Friends of James L. Kiffe knew he was an avid investor. But when the former bookkeeper died and left a $7.5 million estate to the school system — the biggest donation in Aquinas Catholic Schools' history — fellow Aquinas graduate William Bantle was shocked.
"I never realized that he had that much," Bantle said. "We never discussed this that seriously."
Aquinas Catholic Schools announced Kiffe's landmark gift Monday.
Most of Kiffe's bequest — about $6 million — will help pay for student scholarships. The remaining 20 percent will pay for things such as facility upgrades and new technology.
Kiffe, who graduated from Aquinas in 1942 and served in the U.S. Army during World War II, died in October at Sterling House in La Crosse. He was 87.
"He wanted to continue providing the gift of a Catholic education, even beyond his lifetime," said Kurt Nelson, president of Aquinas Catholic Schools.
Kiffe worked at Northern Engraving while participating in the Coulee Investment Club for more than 45 years.
Now, Kiffe's skillful investing and generosity will benefit future generations. The gift is a testament to the moral code schools like Aquinas try to impart to their students, said Most Rev. William Callahan, the head of the Roman Catholic Diocese of La Crosse.
"We are educating an entire human being," he said. "Educating a mind, a heart, a soul."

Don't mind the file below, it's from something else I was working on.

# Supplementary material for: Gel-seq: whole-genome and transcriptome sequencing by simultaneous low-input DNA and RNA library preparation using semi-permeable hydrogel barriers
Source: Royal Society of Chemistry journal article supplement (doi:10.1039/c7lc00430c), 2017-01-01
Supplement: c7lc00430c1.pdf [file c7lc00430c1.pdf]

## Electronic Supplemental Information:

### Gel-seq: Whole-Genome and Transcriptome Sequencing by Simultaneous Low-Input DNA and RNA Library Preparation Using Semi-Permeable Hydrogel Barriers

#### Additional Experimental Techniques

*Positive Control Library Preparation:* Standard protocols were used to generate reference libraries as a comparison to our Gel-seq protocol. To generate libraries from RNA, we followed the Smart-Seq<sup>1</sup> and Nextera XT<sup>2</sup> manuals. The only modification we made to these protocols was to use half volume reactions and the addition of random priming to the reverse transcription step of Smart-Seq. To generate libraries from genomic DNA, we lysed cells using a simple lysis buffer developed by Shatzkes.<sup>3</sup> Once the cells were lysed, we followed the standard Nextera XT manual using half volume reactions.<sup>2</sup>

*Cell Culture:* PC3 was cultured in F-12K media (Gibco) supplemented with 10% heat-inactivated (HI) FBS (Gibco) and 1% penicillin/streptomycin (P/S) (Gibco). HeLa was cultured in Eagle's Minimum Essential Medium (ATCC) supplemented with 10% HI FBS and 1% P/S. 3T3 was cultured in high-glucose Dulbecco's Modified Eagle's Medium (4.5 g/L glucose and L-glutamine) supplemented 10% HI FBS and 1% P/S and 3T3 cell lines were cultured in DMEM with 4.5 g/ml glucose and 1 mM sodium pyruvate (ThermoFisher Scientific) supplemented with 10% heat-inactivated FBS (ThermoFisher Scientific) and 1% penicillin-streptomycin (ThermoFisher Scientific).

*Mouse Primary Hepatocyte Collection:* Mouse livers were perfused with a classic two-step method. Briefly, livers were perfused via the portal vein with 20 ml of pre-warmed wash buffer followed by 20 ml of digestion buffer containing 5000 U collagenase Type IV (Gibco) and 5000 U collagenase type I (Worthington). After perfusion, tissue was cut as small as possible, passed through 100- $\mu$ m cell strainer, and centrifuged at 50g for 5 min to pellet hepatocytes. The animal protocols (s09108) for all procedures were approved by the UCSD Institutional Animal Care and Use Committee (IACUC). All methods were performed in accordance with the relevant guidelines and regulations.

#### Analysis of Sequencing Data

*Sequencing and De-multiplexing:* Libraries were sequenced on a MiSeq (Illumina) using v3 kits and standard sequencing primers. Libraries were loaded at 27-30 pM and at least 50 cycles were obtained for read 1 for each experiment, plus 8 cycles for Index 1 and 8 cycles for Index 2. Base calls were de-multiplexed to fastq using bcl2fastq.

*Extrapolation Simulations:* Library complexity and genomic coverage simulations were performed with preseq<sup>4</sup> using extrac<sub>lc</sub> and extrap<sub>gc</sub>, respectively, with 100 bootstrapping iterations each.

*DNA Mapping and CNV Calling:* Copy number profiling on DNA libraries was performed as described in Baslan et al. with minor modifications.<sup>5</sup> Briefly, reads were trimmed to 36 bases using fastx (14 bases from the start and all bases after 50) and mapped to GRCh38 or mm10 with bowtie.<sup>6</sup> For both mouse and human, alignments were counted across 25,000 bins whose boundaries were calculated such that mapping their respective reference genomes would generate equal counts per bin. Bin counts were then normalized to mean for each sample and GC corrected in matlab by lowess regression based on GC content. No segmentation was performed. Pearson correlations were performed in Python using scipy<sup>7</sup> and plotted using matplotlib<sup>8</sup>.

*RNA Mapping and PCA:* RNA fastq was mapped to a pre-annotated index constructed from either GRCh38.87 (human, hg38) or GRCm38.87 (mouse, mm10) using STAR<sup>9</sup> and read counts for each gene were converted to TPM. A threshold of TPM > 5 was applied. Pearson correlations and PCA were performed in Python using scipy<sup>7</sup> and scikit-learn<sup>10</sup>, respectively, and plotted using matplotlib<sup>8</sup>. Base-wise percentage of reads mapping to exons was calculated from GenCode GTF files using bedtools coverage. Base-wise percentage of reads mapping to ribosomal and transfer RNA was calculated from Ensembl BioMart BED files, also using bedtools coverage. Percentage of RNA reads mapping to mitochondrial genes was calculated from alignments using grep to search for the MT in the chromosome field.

Thanks to Kiffe's gift, more students will be able to qualify for financial aid, and those that already use it will receive more assistance, Nelson said.
About a quarter of Aquinas students depend on financial aid. In 2011-12, yearly tuition rates ranged between $2,250 and $5,490, depending on the age and other factors.
"It's going to be an incredible opportunity for our families," Nelson said.
The school received a $3 million donation from the Reinhart family in 1996 to help finance the construction of the Reinhart Athletic Complex.
The amount of Kiffe's gift may be surprising, but the gesture isn't, said Lee Lomas, who works at Sterling and was friends with Kiffe.
"Jim was just a really nice guy," Lomas said. "He never had a bad thing to say about anybody."
Kiffe never married or had children, but would often talk about people he knew from his Aquinas days.
In the end, Kiffe made the school his family, said Bantle.
"Jim was a very mild guy," Bantle said. "He did what he wanted to do."